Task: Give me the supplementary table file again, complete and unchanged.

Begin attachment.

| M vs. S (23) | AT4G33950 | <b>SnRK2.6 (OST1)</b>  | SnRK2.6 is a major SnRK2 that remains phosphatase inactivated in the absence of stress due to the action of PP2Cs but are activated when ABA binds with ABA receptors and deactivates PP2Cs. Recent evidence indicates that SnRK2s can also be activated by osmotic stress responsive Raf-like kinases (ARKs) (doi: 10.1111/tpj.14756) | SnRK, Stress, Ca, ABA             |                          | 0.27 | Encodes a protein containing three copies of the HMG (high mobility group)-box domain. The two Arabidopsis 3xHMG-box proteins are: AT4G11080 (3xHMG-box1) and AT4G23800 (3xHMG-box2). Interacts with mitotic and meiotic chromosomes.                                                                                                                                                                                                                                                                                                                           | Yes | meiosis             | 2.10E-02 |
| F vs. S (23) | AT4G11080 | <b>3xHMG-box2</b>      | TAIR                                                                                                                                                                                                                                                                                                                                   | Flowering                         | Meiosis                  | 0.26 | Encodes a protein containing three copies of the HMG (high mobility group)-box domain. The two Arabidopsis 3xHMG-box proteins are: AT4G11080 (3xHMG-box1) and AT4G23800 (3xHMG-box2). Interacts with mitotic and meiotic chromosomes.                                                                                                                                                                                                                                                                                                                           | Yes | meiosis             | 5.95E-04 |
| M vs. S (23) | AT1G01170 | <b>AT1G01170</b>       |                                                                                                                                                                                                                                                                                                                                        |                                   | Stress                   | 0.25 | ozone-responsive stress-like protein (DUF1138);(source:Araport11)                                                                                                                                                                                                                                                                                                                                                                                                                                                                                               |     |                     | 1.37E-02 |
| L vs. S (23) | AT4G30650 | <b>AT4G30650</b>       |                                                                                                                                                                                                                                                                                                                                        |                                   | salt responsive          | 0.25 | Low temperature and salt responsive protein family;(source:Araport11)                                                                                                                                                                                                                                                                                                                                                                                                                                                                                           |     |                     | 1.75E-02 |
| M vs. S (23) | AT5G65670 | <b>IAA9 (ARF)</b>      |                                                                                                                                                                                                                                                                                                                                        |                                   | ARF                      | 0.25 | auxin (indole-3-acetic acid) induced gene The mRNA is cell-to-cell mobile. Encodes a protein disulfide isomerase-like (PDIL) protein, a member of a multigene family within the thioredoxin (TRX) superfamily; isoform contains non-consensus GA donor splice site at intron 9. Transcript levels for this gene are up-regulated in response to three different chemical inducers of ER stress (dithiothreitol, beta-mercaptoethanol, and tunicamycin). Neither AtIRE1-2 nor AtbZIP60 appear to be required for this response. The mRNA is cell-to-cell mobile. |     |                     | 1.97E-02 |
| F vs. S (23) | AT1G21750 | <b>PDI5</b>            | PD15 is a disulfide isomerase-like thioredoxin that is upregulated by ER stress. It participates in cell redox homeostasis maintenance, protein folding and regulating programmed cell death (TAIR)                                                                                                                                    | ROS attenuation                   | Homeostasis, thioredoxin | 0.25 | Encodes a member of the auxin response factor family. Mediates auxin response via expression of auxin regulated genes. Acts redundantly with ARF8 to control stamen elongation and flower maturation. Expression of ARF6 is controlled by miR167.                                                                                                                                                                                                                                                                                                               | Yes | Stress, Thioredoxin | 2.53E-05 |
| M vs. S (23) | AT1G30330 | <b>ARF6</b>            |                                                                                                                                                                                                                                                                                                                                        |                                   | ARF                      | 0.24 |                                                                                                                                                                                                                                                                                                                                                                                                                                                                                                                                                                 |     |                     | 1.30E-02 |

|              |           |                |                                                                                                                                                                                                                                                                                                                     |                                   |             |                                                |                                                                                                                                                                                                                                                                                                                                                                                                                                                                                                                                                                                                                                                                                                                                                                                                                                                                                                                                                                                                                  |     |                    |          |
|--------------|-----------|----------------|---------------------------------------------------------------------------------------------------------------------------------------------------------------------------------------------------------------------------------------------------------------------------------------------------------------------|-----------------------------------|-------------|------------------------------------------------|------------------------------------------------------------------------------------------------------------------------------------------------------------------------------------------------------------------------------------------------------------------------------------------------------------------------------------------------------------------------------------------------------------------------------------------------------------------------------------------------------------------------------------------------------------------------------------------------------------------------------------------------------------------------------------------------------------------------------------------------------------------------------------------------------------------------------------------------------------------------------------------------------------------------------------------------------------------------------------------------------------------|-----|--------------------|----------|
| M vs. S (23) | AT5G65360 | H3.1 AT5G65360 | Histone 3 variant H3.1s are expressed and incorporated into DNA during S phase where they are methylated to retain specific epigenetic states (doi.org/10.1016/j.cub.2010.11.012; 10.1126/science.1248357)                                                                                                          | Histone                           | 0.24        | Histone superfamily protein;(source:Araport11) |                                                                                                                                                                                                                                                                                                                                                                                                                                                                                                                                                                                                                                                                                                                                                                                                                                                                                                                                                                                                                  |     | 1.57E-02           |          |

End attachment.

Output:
| M vs. S (23) | AT4G33950 | <b>SnRK2.6 (OST1)</b>  | SnRK2.6 is a major SnRK2 that remains phosphatase inactivated in the absence of stress due to the action of PP2Cs but are activated when ABA binds with ABA receptors and deactivates PP2Cs. Recent evidence indicates that SnRK2s can also be activated by osmotic stress responsive Raf-like kinases (ARKs) (doi: 10.1111/tpj.14756) | SnRK, Stress, Ca, ABA             |                          | 0.27 | Encodes a protein containing three copies of the HMG (high mobility group)-box domain. The two Arabidopsis 3xHMG-box proteins are: AT4G11080 (3xHMG-box1) and AT4G23800 (3xHMG-box2). Interacts with mitotic and meiotic chromosomes.                                                                                                                                                                                                                                                                                                                           | Yes | meiosis             | 2.10E-02 |
| F vs. S (23) | AT4G11080 | <b>3xHMG-box2</b>      | TAIR                                                                                                                                                                                                                                                                                                                                   | Flowering                         | Meiosis                  | 0.26 | Encodes a protein containing three copies of the HMG (high mobility group)-box domain. The two Arabidopsis 3xHMG-box proteins are: AT4G11080 (3xHMG-box1) and AT4G23800 (3xHMG-box2). Interacts with mitotic and meiotic chromosomes.                                                                                                                                                                                                                                                                                                                           | Yes | meiosis             | 5.95E-04 |
| M vs. S (23) | AT1G01170 | <b>AT1G01170</b>       |                                                                                                                                                                                                                                                                                                                                        |                                   | Stress                   | 0.25 | ozone-responsive stress-like protein (DUF1138);(source:Araport11)                                                                                                                                                                                                                                                                                                                                                                                                                                                                                               |     |                     | 1.37E-02 |
| L vs. S (23) | AT4G30650 | <b>AT4G30650</b>       |                                                                                                                                                                                                                                                                                                                                        |                                   | salt responsive          | 0.25 | Low temperature and salt responsive protein family;(source:Araport11)                                                                                                                                                                                                                                                                                                                                                                                                                                                                                           |     |                     | 1.75E-02 |
| M vs. S (23) | AT5G65670 | <b>IAA9 (ARF)</b>      |                                                                                                                                                                                                                                                                                                                                        |                                   | ARF                      | 0.25 | auxin (indole-3-acetic acid) induced gene The mRNA is cell-to-cell mobile. Encodes a protein disulfide isomerase-like (PDIL) protein, a member of a multigene family within the thioredoxin (TRX) superfamily; isoform contains non-consensus GA donor splice site at intron 9. Transcript levels for this gene are up-regulated in response to three different chemical inducers of ER stress (dithiothreitol, beta-mercaptoethanol, and tunicamycin). Neither AtIRE1-2 nor AtbZIP60 appear to be required for this response. The mRNA is cell-to-cell mobile. |     |                     | 1.97E-02 |
| F vs. S (23) | AT1G21750 | <b>PDI5</b>            | PD15 is a disulfide isomerase-like thioredoxin that is upregulated by ER stress. It participates in cell redox homeostasis maintenance, protein folding and regulating programmed cell death (TAIR)                                                                                                                                    | ROS attenuation                   | Homeostasis, thioredoxin | 0.25 | Encodes a member of the auxin response factor family. Mediates auxin response via expression of auxin regulated genes. Acts redundantly with ARF8 to control stamen elongation and flower maturation. Expression of ARF6 is controlled by miR167.                                                                                                                                                                                                                                                                                                               | Yes | Stress, Thioredoxin | 2.53E-05 |
| M vs. S (23) | AT1G30330 | <b>ARF6</b>            |                                                                                                                                                                                                                                                                                                                                        |                                   | ARF                      | 0.24 |                                                                                                                                                                                                                                                                                                                                                                                                                                                                                                                                                                 |     |                     | 1.30E-02 |

|              |           |                |                                                                                                                                                                                                                                                                                                                     |                                   |             |                                                |                                                                                                                                                                                                                                                                                                                                                                                                                                                                                                                                                                                                                                                                                                                                                                                                                                                                                                                                                                                                                  |     |                    |          |
|--------------|-----------|----------------|---------------------------------------------------------------------------------------------------------------------------------------------------------------------------------------------------------------------------------------------------------------------------------------------------------------------|-----------------------------------|-------------|------------------------------------------------|------------------------------------------------------------------------------------------------------------------------------------------------------------------------------------------------------------------------------------------------------------------------------------------------------------------------------------------------------------------------------------------------------------------------------------------------------------------------------------------------------------------------------------------------------------------------------------------------------------------------------------------------------------------------------------------------------------------------------------------------------------------------------------------------------------------------------------------------------------------------------------------------------------------------------------------------------------------------------------------------------------------|-----|--------------------|----------|
| M vs. S (23) | AT5G65360 | H3.1 AT5G65360 | Histone 3 variant H3.1s are expressed and incorporated into DNA during S phase where they are methylated to retain specific epigenetic states (doi.org/10.1016/j.cub.2010.11.012; 10.1126/science.1248357)                                                                                                          | Histone                           | 0.24        | Histone superfamily protein;(source:Araport11) |                                                                                                                                                                                                                                                                                                                                                                                                                                                                                                                                                                                                                                                                                                                                                                                                                                                                                                                                                                                                                  |     | 1.57E-02           |          |